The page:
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The discovery caps an 11-year effort to tease out informationfrom instruments on ground-based telescopes that measure minutevariations in starlight caused by the gravitational tugs oforbiting planets.
Planet G — the sixth member in Gliese 581’s family — orbitsright in the middle of that system’s habitable region, wheretemperatures would be suitable for liquid water to pool on theplanet’s surface.
“This is really the first ‘Goldilocks’ planet, the first planetthat is roughly the right size and just at the right distance tohave liquid water on the surface,” astronomer Paul Butler, with theCarnegie Institution in Washington, D.C., told reporters during aconference call Wednesday.
“Everything we know about life is that it absolutely requiresliquid water,” he added. “The planet has to be the right distancefrom the star so it’s not too hot, not too cold… and thenit has to have surface gravity so that it can hold on to asubstantial atmosphere and allow the water to pool.”
With a mass three times larger than Earth’s, the newlydiscovered world has the muscle to hold atmosphere. Plus, it hasthe gift of time. Not only is its parent star especiallylong-lived, the planet is tidally locked to its sun — similar tohow the moon keeps the same side pointed at Earth — so that halfthe world is in perpetual light and the other half in permanentdarkness. As a result, temperatures are extremely stable anddiverse.
“This planet doesn’t have days and nights. Wherever you are onthis planet, the sun is in the same position all the time. You havevery stable zones where the ecosystem stays the same temperature…basically forever,” Vogt said. “If life can evolve, it’s going tohave billions and billions of years to adapt to the surface.”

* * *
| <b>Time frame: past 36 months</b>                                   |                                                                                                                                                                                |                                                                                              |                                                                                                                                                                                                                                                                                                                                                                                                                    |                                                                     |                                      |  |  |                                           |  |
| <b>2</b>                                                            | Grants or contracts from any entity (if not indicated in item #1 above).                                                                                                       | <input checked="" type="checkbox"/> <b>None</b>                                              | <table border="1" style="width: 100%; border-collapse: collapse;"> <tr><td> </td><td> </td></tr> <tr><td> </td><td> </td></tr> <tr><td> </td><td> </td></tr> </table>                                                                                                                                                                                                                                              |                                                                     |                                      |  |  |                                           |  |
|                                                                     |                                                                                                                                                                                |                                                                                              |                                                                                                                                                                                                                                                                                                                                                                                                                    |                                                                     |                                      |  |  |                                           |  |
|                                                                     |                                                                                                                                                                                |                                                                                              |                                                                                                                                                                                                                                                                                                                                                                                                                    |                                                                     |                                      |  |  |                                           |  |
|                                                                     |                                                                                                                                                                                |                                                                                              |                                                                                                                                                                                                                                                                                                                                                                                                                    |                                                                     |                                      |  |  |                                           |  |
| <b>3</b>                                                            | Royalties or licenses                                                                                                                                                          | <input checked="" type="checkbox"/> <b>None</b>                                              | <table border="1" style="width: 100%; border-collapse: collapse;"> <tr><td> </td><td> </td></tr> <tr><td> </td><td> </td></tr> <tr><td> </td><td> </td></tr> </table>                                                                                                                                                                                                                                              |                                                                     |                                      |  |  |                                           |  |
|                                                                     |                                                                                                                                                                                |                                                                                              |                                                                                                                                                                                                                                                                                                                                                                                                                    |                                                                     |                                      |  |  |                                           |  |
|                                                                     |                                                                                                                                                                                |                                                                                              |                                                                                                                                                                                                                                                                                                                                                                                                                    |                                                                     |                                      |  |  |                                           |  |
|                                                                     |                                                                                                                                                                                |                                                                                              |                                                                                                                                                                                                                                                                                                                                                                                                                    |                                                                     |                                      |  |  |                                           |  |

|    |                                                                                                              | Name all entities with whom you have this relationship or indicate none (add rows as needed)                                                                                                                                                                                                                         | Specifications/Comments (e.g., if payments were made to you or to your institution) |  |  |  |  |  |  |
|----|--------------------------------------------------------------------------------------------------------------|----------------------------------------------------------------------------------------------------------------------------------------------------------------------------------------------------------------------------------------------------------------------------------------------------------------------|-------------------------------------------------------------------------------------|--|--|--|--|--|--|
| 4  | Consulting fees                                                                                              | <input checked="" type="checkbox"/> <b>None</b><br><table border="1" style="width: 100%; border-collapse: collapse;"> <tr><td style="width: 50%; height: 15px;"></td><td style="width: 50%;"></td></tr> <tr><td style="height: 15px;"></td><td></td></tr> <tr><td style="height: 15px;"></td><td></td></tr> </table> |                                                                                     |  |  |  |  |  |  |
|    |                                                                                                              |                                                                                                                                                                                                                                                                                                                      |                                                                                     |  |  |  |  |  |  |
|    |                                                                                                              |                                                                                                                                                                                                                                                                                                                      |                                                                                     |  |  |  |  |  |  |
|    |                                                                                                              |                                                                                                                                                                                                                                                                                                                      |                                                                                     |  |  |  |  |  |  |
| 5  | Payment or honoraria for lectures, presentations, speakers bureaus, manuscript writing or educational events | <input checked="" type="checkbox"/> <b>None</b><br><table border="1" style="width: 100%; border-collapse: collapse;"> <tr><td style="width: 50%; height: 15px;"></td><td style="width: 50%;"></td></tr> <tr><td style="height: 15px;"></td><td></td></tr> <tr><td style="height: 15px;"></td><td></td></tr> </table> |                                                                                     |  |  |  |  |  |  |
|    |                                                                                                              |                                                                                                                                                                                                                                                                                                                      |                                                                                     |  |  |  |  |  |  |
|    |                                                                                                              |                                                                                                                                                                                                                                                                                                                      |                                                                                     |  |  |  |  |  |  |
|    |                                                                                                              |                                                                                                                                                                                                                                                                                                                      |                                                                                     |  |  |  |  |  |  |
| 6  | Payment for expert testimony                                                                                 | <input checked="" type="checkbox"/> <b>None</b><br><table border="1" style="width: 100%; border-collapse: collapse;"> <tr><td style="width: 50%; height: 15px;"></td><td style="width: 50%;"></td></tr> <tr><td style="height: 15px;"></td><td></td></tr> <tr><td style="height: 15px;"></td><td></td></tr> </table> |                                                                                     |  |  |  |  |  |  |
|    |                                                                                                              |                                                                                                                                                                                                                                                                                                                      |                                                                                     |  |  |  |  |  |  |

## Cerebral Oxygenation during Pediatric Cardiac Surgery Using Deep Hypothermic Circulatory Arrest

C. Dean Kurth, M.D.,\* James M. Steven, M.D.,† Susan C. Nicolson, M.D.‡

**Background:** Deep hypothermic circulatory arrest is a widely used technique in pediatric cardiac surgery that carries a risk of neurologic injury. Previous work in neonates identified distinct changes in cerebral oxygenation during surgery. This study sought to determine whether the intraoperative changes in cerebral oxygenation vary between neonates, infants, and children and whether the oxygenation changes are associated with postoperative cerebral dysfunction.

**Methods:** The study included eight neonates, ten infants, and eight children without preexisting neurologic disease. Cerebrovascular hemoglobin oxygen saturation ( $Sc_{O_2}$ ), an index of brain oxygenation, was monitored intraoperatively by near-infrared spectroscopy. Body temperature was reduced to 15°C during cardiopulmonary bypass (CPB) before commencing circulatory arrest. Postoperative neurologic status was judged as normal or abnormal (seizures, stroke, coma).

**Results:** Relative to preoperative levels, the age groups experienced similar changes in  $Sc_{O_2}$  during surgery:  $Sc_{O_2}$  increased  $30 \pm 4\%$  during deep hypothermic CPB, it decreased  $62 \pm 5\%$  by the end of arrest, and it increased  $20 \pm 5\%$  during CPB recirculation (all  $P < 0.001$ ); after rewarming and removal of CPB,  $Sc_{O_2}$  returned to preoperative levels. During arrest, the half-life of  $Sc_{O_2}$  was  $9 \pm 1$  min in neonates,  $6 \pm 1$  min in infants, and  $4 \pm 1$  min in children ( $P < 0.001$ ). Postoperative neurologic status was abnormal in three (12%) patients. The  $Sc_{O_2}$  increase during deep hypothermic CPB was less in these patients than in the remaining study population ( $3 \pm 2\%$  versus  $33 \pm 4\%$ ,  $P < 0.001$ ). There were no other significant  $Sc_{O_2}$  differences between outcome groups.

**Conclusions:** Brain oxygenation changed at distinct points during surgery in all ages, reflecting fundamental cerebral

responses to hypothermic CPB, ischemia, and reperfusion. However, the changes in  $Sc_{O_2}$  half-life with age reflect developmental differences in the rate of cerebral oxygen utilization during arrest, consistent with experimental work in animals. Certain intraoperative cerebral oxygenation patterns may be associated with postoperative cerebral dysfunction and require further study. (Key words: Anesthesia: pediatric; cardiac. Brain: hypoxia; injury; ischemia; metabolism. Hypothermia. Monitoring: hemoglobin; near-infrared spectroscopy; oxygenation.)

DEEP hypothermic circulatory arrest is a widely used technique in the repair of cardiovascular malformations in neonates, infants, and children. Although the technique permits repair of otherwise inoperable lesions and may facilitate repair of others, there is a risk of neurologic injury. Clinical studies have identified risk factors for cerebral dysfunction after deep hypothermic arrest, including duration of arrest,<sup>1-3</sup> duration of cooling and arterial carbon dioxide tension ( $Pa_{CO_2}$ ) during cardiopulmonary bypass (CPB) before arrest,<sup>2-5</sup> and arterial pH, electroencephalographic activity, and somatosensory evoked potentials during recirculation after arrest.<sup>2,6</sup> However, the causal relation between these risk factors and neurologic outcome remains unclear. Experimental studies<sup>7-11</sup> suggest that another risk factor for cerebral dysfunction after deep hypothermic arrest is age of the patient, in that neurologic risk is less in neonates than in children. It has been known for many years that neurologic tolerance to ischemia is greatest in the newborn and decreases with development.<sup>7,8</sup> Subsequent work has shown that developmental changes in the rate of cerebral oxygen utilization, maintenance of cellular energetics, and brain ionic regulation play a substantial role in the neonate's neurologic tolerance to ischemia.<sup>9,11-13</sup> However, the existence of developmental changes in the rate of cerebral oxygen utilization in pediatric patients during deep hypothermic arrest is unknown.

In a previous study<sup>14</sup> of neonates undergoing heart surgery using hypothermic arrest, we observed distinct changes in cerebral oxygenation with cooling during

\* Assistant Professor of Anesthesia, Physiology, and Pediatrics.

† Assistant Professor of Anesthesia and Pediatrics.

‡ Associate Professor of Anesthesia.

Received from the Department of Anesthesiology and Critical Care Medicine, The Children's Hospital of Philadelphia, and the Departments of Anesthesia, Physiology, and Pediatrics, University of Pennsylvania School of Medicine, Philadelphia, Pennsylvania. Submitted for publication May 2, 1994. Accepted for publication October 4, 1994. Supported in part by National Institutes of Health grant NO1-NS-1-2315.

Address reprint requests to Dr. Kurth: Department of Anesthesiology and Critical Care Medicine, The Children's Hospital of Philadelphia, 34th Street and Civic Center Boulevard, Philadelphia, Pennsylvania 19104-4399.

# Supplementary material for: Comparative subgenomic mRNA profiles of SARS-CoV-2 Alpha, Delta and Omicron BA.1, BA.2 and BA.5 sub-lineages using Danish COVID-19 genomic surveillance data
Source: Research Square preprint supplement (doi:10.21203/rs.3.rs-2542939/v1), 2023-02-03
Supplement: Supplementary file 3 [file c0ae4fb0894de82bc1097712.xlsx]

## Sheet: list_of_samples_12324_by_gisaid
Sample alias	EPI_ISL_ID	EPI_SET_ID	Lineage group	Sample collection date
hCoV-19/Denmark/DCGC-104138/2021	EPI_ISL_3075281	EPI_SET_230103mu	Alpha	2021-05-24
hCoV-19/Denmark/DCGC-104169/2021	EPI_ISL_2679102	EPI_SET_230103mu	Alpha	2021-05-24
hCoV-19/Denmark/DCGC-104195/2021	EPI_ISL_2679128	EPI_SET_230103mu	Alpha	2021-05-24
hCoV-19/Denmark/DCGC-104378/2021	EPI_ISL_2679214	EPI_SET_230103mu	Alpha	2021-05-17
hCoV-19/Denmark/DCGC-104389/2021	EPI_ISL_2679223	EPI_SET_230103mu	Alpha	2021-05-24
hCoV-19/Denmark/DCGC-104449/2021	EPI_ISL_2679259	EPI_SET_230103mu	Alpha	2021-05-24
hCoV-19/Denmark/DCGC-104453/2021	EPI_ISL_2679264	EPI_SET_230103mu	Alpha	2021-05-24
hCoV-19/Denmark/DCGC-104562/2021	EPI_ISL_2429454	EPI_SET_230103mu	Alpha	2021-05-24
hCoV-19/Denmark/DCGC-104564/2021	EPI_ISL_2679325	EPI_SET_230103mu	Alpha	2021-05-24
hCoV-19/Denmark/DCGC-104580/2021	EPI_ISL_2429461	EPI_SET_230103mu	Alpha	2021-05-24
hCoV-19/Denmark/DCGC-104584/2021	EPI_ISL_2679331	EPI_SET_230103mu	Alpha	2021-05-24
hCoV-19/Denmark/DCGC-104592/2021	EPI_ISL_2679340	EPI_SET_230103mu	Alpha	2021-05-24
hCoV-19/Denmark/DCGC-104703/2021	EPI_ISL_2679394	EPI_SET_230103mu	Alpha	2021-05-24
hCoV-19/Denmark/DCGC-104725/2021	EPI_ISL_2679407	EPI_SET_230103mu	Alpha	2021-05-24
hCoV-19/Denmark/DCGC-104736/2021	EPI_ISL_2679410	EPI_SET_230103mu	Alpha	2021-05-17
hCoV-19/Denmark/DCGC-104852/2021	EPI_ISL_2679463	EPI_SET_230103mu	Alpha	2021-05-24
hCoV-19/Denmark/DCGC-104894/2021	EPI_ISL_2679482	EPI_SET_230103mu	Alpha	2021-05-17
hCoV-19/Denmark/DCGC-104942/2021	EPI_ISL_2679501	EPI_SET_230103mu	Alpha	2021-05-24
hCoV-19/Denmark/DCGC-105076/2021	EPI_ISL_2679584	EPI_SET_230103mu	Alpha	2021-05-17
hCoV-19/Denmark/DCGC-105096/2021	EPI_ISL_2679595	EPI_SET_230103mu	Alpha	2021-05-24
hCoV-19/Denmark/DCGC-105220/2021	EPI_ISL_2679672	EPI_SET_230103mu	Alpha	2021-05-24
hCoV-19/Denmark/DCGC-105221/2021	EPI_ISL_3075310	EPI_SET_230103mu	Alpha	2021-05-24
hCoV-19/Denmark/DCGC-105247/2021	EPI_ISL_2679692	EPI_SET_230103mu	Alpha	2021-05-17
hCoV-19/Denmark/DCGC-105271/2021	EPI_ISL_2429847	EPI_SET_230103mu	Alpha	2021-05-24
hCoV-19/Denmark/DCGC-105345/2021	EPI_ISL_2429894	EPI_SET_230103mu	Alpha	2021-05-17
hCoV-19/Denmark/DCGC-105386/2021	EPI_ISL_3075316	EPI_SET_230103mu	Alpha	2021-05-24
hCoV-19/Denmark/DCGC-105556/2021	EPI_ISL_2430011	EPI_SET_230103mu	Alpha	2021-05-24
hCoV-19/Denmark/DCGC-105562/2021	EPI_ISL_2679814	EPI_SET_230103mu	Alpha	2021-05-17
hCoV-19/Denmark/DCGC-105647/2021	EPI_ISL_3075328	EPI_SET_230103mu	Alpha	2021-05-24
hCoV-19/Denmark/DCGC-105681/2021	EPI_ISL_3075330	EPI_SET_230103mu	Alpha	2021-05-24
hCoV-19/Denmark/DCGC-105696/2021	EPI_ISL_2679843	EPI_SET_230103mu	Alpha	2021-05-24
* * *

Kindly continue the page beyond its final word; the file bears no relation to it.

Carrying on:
“Given the ubiquity of water, it seems probable that this thingactually has liquid water. On the surface of the Earth, everywhereyou have liquid water you have life,” Vogt added. The questionwouldn’t be to defend that there is life at Gliese 581g, saysButler. “The question,” he said, “would be to demonstrate thatthere isn’t.”
Current technologies won’t allow scientists to study theplanet’s atmosphere for chemical signs of life, but astronomersexpect many more similar life-friendly planets to be discoveredsoon. If one or more of those cross the face of their parent star,relative to our line of sight, then it’s possible to gatheratmospheric data.
“This system is not in an orientation such that this planetwould ever transit, so unfortunately this is not a case wherenature has thrown us a bone,” Vogt noted. “That being said, it isso close and we have found this thing so soon that it suggests wewill start finding a lot of these things in the future andeventually we will find systems that do transit. This is aharbinger of things to come.”
The research appears in this week’s issue of AstrophysicalJournal
[bron: Discovery News]